The Department of Veterans Affairs won’t pursue a change to its longtime motto despite complaints that it excludes women and symbolizes barriers for female veterans within the VA health care system.
The VA has had the same motto for 59 years: “To care for him who shall have borne the battle and for his widow, and his orphan.” The quote came from Abraham Lincoln’s second inaugural address in 1865, the same year that he created the first-ever government institution for volunteer soldiers.
Iraq and Afghanistan Veterans of America called on VA Secretary David Shulkin in November to change the motto, describing it as sexist and outdated. The VA responded Jan. 26 that the motto was representative of “the heart of our noble mission.”
IAVA Executive Director Allison Jaslow felt the response brushed off her group’s request and was dismissive of larger, cultural obstacles for women veterans.
“They’re missing the point that women don’t feel comfortable at the VA,” she said. “We want to be respected and appreciated as much as male veterans are, and the motto is symbolic of overall challenges.”
Plaques inscribed with Lincoln’s quote now flank the entrance to VA headquarters in Washington, D.C., and the quote is visible in many VA facilities throughout the nation.
Kayla Williams, director of the VA Center for Women Veterans, responded to pleas from IAVA to change the motto. She said VA leaders have gradually and unofficially been using an altered version of the quote: “To care for those who shall have borne the battle and their families and survivors.”
“Recognizing that they can seem exclusionary to some women veterans, for many years I – along with other senior VA leaders – have honored the population we serve today by using a modernized version,” Williams wrote in a letter to Jaslow. “This symbolic update, which we are continuing to gradually incorporate alongside the original in digital and print materials, as well as spoken remarks, is an important acknowledgement of today’s veteran population.”
Gradual change – for the motto and for broader barriers to VA services – isn’t enough, Jaslow argued.
“I understand the need for incremental change in some instances, but not when there’s such a disparity,” she said.
For the past year, IAVA has appealed to Congress for more funding and staff directed specifically toward services for women veterans. A group of lawmakers introduced a bill last March, but it hasn’t been taken up by a congressional committee. Jaslow said there’s a lot of “head nodding” on the issue but little action.
In Williams’ letter to Jaslow, she emphasized improvements the VA has made regarding care for women veterans. About 500,000 women veterans use VA health care, and they get screened for cervical cancer and breast cancer at higher rates than women do in the private sector or the Department of Defense. They also have access to prenatal and maternity care.
Williams noted each VA hospital has a military sexual trauma coordinator and at least one primary care provider for women’s health.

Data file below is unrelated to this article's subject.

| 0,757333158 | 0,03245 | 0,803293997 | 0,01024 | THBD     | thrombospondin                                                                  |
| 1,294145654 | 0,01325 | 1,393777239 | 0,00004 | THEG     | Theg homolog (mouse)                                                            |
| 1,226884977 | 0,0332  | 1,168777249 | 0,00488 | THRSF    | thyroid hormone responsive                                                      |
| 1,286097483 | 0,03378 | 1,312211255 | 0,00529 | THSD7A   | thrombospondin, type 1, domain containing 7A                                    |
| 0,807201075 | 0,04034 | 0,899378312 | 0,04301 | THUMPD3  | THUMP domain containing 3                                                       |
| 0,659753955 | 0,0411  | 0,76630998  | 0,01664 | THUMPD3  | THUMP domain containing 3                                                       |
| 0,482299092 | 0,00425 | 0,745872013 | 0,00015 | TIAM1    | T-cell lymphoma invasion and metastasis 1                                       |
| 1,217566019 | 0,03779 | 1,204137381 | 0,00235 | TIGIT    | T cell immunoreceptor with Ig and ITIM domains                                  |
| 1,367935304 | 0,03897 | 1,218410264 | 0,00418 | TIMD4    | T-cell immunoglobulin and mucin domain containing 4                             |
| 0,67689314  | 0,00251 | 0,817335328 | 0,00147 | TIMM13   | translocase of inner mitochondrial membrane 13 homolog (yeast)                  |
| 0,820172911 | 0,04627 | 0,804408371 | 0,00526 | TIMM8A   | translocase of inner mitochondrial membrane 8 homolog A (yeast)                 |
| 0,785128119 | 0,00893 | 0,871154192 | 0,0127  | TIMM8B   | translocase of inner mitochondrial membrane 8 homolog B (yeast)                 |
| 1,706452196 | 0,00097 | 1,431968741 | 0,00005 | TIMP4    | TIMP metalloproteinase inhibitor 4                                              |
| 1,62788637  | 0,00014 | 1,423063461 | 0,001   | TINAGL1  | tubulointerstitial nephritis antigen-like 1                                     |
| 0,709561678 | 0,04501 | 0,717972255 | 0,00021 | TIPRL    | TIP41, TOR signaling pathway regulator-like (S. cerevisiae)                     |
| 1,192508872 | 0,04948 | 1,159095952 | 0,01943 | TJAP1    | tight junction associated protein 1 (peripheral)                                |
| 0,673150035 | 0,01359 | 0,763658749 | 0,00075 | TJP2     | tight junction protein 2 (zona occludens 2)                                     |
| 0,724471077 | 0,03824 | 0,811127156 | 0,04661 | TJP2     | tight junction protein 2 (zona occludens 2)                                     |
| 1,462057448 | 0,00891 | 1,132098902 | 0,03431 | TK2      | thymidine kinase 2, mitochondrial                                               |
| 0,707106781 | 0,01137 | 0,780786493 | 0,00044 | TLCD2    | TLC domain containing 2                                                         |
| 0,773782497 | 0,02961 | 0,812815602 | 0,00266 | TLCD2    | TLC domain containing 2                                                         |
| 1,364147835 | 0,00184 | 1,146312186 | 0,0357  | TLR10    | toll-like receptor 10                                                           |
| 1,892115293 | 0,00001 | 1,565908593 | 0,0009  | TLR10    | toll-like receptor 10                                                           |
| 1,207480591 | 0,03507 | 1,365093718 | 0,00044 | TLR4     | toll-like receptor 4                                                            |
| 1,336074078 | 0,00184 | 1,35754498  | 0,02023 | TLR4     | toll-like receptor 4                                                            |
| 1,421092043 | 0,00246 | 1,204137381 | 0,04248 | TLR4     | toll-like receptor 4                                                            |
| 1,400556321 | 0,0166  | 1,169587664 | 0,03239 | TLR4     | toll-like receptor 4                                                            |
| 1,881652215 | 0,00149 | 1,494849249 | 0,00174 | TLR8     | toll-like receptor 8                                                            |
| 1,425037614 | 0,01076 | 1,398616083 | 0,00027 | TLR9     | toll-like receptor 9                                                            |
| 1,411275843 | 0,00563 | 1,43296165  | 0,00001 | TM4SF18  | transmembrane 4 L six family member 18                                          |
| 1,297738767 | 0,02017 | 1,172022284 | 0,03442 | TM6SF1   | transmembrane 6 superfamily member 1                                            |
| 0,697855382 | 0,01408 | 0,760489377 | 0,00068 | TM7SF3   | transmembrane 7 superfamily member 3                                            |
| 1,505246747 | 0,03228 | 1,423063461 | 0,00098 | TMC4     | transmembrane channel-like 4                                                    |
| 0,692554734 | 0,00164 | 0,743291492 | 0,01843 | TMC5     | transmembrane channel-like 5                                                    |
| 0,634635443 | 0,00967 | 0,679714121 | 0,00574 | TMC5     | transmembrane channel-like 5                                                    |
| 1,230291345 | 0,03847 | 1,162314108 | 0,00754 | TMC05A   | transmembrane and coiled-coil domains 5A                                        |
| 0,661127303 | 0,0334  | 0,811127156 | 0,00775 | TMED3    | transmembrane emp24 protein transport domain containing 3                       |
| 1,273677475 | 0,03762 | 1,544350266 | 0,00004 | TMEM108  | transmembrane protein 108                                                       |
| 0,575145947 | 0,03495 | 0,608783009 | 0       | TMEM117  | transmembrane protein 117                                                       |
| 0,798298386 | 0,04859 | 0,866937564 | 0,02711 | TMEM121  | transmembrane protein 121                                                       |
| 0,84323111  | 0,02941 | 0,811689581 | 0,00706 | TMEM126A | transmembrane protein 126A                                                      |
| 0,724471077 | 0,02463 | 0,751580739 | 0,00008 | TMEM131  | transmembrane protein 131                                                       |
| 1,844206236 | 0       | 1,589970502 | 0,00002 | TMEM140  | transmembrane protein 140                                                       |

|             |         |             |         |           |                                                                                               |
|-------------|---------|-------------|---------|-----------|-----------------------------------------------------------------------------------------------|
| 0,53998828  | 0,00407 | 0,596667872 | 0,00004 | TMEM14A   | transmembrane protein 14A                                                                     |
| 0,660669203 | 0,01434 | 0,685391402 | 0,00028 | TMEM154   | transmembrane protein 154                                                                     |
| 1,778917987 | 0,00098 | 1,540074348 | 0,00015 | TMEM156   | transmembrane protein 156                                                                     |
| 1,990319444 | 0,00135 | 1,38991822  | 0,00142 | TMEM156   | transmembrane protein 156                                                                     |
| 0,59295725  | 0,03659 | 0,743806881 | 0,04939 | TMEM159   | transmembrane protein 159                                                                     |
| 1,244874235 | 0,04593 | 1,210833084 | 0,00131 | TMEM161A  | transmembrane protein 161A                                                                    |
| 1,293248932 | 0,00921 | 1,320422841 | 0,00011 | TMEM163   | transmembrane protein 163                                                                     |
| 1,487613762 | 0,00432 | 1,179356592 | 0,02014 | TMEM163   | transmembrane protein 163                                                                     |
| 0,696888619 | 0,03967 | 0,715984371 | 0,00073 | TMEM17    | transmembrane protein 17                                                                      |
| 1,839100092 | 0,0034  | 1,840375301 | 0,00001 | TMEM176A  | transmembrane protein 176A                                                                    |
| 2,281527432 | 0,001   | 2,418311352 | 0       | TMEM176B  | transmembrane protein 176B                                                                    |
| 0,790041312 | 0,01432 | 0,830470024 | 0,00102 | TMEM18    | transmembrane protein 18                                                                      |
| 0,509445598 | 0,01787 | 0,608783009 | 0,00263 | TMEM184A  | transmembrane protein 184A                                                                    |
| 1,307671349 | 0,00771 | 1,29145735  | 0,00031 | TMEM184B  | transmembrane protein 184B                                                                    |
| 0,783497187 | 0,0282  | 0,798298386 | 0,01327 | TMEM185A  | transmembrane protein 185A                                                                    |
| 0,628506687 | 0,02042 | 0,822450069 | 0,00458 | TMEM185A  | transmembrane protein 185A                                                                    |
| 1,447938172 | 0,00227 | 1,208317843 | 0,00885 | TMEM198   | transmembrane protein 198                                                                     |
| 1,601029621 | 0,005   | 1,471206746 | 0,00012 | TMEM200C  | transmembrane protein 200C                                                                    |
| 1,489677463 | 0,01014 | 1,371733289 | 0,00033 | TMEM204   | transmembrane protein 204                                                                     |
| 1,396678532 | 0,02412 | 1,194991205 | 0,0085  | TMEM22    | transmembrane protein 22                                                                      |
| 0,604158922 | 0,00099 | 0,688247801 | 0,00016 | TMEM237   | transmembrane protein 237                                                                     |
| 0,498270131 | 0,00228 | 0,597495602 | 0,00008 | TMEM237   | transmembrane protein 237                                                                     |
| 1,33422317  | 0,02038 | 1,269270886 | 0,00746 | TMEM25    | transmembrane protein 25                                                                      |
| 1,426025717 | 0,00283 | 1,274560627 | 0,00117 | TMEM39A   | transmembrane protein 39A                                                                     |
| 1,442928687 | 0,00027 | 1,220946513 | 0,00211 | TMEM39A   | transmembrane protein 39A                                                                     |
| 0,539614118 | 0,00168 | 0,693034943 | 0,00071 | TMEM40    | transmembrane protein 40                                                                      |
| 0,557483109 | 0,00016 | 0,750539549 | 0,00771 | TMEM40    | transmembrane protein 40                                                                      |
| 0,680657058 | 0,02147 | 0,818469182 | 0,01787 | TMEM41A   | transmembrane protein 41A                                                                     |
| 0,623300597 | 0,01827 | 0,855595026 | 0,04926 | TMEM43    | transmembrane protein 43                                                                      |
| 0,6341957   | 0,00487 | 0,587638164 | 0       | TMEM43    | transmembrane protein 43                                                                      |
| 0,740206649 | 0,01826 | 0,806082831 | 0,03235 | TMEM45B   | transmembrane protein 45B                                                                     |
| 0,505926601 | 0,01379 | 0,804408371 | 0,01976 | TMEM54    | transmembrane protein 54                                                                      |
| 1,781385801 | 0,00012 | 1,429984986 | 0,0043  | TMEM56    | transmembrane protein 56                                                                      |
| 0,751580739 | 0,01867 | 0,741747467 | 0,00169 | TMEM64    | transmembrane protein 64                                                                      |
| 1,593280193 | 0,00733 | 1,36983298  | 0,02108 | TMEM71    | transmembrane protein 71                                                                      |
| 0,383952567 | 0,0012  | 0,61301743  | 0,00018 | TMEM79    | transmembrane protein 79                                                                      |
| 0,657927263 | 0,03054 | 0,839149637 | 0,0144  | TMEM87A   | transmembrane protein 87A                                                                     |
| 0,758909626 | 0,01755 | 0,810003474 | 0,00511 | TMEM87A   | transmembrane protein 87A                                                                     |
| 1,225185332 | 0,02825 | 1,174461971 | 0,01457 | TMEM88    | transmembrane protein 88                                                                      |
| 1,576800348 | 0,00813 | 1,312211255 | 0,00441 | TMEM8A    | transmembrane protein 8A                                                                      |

Jaslow acknowledged once women veterans get into the VA, they generally receive good care. The problem, she said, is making women veterans feel comfortable enough to seek VA treatment.
When Jaslow used the VA in 2008, veterans would assume she was a nurse and ask for directions, she said. Army Reserve veteran Kate Hoit, who returned from Iraq in 2005 and advocated for legislation alongside Jaslow, has said she was also made to feel like she didn’t quite belong.
Similar stories were included in a report published this week by the National Academy of Sciences, Engineering and Medicine – the result of a 4 ½-year study of VA mental health services completed by an 18-member committee. The committee looked specifically at barriers to mental health care for Iraq and Afghanistan veterans.
Committee members conducted site visits to VA facilities in 2015. In Cleveland, one female veteran told them that VA employees assumed she was a spouse. Another veteran said VA workers didn’t believe she was a combat veteran. Many female veterans also experienced cat-calls in VA facilities, which was particularly unsettling for women suffering from military sexual trauma, according to the report.
“A clinician in East Orange, New Jersey, said: ‘I think there are many, many people who fall through the cracks and don’t want to come here because they associate it with the very culture that traumatized them. That’s a huge barrier to treatment,’” the report states.
Jaslow argued that addressing those barriers starts at the top – with the VA motto.
There’s precedent for the change, she said. In 2004, the Air Force Academy replaced its “Bring Me Men” sign on its stone entrance with “Integrity First. Service Before Self. Excellence in All We Do.” The original sign had been in place since 1964.
Also in 2004, the U.S. Naval Academy amended gender-specific lyrics in its school song. The U.S. Military Academy at West Point did the same in 2008.
In 2016, the Navy and Marine Corps introduced gender-neutral job titles.
“I get it. The VA was designed for a male population, and culture change is hard,” Jaslow said. “But we’re talking 16 years we’ve been at war in Afghanistan. Women veterans are still feeling invisible and articulating they don’t feel comfortable at the VA. At what point are we going to get serious about addressing this?”
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